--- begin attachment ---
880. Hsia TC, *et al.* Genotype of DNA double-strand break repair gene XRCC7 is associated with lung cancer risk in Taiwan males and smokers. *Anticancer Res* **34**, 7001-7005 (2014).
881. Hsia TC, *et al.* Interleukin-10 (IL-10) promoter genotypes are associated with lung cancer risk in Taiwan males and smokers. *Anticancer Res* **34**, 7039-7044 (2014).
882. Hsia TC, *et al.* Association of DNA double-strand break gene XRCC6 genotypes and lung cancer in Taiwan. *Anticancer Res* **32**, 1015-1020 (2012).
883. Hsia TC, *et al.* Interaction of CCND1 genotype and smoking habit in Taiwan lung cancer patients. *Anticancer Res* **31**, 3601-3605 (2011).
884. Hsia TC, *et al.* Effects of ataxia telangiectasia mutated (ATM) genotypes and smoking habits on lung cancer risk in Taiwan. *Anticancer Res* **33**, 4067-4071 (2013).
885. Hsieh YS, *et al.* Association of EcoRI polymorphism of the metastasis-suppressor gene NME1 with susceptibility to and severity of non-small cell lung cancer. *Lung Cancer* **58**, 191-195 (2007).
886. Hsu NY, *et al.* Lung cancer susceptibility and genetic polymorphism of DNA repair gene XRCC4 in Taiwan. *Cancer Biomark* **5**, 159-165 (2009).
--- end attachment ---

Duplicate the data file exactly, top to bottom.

880. Hsia TC, *et al.* Genotype of DNA double-strand break repair gene XRCC7 is associated with lung cancer risk in Taiwan males and smokers. *Anticancer Res* **34**, 7001-7005 (2014).
881. Hsia TC, *et al.* Interleukin-10 (IL-10) promoter genotypes are associated with lung cancer risk in Taiwan males and smokers. *Anticancer Res* **34**, 7039-7044 (2014).
882. Hsia TC, *et al.* Association of DNA double-strand break gene XRCC6 genotypes and lung cancer in Taiwan. *Anticancer Res* **32**, 1015-1020 (2012).
883. Hsia TC, *et al.* Interaction of CCND1 genotype and smoking habit in Taiwan lung cancer patients. *Anticancer Res* **31**, 3601-3605 (2011).
884. Hsia TC, *et al.* Effects of ataxia telangiectasia mutated (ATM) genotypes and smoking habits on lung cancer risk in Taiwan. *Anticancer Res* **33**, 4067-4071 (2013).
885. Hsieh YS, *et al.* Association of EcoRI polymorphism of the metastasis-suppressor gene NME1 with susceptibility to and severity of non-small cell lung cancer. *Lung Cancer* **58**, 191-195 (2007).
886. Hsu NY, *et al.* Lung cancer susceptibility and genetic polymorphism of DNA repair gene XRCC4 in Taiwan. *Cancer Biomark* **5**, 159-165 (2009).